I suppose related to that, saamohod, do you speak more Ukrainian now than you did a year ago, in day-to-day situations?
Only because I'm currently living away from home in a mostly Ukrainian-speaking town in the Northern Ukraine, I do speak more Ukrainian in day-to-day situations. But for longer conversations I switch back to Russian because my vocabulary and fluency is better in Russian. And it never causes any problem, because almost every single person understands Russian language in Ukraine. Also because the "language issue" has always been an artificial problem created by Moscow for the purpose of division and as a pretext for invasion.
Before Russians started pressing the "language button" 10+ years ago, nobody here gave a damn whether you spoke Ukrainian or Russian.
 
The only thing I know about the two languages is the use of the Cyrillic Alphabet.
I just know that too.
I think the difference between Russian and Ukranian are the same as between Portugal and Spain.
Very similar language who anyone will note if just become just one in next century.
 
I just know that too.
I think the difference between Russian and Ukranian are the same as between Portugal and Spain.
Very similar language who anyone will note if just become just one in next century.
I believe Russian and Ukrainian (Belorussian too) are more similar. If you know Russian, you can understand people speaking Ukrainian pretty well without learning it, and vice versa. Difference between Spanish and Portuguese is probably closer to the difference between Russian and Czech or Polish. If I hear people speaking Polish, I can make out some words, but generally cannot understand what they are talking about. Ukrainian doesn't take much effort to understand for me, even though I never learned it.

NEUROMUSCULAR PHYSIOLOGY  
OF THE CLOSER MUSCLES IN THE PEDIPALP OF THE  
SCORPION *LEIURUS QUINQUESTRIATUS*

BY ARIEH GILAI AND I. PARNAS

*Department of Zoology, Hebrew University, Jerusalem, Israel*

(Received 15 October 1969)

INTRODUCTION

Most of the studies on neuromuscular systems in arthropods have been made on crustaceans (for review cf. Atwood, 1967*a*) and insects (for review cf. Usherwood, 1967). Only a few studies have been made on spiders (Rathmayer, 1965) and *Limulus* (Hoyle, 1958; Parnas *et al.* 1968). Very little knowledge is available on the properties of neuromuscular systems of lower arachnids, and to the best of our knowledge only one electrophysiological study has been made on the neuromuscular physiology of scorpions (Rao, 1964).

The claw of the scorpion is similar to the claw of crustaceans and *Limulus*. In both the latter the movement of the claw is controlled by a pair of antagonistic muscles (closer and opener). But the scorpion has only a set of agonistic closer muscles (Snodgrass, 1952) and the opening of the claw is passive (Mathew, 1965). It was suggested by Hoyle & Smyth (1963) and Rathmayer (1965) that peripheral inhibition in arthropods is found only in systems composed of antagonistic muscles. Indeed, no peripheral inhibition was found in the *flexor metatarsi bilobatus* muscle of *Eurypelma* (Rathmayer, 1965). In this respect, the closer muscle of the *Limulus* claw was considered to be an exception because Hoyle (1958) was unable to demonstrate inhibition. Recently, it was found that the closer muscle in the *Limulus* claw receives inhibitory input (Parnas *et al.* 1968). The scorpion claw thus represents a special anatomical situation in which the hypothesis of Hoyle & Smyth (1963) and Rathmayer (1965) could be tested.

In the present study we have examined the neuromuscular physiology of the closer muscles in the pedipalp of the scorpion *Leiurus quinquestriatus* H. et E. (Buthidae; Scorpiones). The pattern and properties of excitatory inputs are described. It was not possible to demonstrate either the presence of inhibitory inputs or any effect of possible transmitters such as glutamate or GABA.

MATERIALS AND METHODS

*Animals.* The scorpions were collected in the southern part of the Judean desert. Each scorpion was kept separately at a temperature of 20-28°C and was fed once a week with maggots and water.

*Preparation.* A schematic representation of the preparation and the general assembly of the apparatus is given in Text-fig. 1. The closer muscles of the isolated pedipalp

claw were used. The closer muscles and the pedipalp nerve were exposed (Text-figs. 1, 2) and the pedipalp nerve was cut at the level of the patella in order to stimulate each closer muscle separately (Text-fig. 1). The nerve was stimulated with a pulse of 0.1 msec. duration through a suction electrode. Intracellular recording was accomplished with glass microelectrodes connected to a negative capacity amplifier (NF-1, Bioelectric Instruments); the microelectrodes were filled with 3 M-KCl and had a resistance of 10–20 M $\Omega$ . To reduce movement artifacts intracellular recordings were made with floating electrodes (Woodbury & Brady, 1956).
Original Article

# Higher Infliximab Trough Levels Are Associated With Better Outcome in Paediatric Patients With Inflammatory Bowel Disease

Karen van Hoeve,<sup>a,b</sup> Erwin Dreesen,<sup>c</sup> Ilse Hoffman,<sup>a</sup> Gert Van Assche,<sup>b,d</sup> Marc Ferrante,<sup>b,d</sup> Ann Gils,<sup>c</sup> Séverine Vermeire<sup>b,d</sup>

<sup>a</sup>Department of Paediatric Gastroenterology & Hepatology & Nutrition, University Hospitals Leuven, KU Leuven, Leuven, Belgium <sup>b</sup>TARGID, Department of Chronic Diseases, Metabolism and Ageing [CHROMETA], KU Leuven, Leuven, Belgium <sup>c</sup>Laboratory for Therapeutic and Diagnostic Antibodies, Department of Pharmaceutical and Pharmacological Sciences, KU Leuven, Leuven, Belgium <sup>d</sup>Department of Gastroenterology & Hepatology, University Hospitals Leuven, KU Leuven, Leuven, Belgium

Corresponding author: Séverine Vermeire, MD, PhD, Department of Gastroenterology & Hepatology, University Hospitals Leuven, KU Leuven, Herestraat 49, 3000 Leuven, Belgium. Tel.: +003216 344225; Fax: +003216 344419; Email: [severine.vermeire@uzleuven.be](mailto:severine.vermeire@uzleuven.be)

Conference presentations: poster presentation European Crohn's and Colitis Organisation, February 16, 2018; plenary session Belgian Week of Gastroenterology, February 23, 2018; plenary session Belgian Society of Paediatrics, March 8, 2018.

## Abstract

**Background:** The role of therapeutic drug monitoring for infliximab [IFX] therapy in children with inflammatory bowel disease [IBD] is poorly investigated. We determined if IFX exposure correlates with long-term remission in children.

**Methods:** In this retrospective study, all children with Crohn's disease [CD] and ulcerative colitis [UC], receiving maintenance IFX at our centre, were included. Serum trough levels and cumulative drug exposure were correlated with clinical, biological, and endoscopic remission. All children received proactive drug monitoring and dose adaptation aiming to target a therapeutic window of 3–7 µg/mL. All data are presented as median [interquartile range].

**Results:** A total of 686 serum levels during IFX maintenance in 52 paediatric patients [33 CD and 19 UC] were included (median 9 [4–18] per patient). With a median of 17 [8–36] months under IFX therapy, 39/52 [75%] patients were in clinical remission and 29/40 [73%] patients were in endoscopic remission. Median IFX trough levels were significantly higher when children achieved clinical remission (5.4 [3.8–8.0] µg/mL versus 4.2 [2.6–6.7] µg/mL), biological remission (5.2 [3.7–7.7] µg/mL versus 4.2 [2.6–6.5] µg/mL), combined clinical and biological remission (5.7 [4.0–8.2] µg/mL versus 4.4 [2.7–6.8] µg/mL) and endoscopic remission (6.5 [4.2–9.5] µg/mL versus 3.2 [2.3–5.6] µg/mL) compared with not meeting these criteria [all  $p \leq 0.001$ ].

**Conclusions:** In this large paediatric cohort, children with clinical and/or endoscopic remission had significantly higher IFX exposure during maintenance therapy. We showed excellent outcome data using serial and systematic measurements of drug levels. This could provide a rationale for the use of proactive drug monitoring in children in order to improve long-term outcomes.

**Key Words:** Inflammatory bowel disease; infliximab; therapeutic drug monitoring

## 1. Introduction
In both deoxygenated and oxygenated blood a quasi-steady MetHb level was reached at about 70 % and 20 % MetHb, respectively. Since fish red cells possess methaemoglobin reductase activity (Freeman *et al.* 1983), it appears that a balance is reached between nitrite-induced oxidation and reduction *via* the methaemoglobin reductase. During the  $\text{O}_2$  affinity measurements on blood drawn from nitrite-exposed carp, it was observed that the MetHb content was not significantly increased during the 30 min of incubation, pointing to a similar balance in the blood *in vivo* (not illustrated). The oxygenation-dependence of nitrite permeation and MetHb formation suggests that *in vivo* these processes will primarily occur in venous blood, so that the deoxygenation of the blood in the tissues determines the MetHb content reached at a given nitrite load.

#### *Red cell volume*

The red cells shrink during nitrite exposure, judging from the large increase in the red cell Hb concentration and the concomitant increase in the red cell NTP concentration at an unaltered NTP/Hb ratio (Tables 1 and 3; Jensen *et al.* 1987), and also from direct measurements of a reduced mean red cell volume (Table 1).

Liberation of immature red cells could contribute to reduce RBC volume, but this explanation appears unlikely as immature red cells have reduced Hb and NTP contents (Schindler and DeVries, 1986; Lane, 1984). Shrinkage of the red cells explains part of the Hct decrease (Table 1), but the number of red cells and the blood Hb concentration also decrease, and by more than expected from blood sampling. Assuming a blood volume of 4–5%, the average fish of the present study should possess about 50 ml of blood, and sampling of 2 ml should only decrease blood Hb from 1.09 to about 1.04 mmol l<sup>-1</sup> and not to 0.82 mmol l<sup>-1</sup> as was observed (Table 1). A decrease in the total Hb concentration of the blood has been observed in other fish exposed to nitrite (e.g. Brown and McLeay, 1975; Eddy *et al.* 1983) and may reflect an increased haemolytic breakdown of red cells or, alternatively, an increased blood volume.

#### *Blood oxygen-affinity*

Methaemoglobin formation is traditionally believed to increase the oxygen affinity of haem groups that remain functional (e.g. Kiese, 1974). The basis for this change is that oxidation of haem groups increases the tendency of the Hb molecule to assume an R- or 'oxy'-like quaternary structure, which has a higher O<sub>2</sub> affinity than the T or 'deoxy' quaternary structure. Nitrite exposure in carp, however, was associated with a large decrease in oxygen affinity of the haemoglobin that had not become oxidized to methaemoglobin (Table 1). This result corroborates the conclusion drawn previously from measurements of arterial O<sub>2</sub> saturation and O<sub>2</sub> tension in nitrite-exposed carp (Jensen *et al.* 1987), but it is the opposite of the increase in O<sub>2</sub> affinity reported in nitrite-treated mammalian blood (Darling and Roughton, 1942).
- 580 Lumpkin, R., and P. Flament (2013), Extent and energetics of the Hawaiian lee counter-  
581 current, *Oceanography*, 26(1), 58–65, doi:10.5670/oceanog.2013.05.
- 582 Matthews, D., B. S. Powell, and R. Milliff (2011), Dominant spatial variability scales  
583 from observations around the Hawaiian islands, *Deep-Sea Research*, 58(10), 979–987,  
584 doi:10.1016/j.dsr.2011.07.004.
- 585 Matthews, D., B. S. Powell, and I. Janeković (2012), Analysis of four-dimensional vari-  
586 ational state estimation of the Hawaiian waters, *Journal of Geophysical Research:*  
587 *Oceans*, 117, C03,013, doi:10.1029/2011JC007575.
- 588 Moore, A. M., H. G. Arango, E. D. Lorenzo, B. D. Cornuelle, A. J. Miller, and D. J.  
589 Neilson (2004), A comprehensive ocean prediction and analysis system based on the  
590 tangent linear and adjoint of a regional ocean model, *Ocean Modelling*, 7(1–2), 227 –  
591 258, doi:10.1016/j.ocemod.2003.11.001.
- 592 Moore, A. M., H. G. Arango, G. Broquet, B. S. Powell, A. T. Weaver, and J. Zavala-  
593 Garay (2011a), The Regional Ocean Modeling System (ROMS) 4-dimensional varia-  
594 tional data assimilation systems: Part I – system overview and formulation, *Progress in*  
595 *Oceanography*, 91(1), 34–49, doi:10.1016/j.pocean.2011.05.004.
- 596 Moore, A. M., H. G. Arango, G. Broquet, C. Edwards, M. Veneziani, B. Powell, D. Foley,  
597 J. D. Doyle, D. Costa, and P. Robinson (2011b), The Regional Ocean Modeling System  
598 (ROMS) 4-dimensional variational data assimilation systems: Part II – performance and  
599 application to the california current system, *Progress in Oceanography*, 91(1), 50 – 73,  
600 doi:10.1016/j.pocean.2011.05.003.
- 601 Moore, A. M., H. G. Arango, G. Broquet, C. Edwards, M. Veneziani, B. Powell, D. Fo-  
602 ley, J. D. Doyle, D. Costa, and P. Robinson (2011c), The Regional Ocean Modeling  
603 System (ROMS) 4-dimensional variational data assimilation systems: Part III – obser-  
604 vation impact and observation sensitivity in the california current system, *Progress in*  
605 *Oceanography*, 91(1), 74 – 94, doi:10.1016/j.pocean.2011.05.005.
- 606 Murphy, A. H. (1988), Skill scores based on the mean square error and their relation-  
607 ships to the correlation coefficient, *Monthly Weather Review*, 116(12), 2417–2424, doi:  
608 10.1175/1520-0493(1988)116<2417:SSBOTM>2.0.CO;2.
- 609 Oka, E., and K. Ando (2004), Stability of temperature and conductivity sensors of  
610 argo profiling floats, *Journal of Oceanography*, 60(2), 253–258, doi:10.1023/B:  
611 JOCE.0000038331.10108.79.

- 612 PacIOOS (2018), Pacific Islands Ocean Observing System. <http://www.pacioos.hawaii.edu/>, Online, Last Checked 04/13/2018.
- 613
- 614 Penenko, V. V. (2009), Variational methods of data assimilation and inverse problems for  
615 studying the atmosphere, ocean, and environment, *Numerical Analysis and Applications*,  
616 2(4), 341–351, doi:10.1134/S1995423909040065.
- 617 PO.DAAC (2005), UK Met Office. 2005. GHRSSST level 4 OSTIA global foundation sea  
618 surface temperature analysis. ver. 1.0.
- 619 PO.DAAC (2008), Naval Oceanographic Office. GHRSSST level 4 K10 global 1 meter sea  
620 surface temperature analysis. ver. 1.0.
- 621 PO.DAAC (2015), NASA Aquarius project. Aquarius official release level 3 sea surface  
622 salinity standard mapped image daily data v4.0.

My understanding is Ukrainians speak a language that is combination of Russian and Polish. Is that correct?
How would it be a "combination"? It's an East Slavic language, like Russian also is, so they are close. Polish as West Slavic a further removed from both.
 
Modern English is often described as combination of Flemish (Nederlands) and French though - at least here it is, you don't even have a word for "entrepreneur" :D

That's not a million miles away actually. Modern English is the descendant of a language that formed from a mixture of the Anglo-Saxon dialects of proto-Germanic, which were probably quite closely related to those that lead to the modern Germanic languages in the Low Countries (particularly Friesian), and the Norman dialect of Old French, with a small dash of Old Norse added on top.

Most European languages (and maybe elsewhere, I'm just not that knowledgeable) formed by branching off of older proto-languages, and, while they will pick up some words, and maybe even grammar, from neighbours, still retain a pretty clear singular decent. English is one of the few that is a genuine combination with a large amount of both Germanic and French words and aspects remaining.
 
I’ve spent time in Georgia and Azerbaijan. In Georgia people almost always spoke Georgian, of course both languages have nothing at all in common with Russian anymore than they do with English except some borrowed vocabulary.

In Azerbaijan it was really different. I knew Azeris who would speak Russian even to family members, but a lot would speak Azeri as well.

I wonder if the difference between Ukrainian and Russian would be like Azeri and Turkish from Turkey. They’re very similar but some really basic differences, like the way people say “How are you?” or “Where are you?” is different but seems like people mostly understand each other.

There’s some odd differences like kişi means people in Turkish but specifically man in Azeri so I’d see like a kişi salonu, a men’s barber in Baku and it seemed odd, like obviously it’s for people, not animals.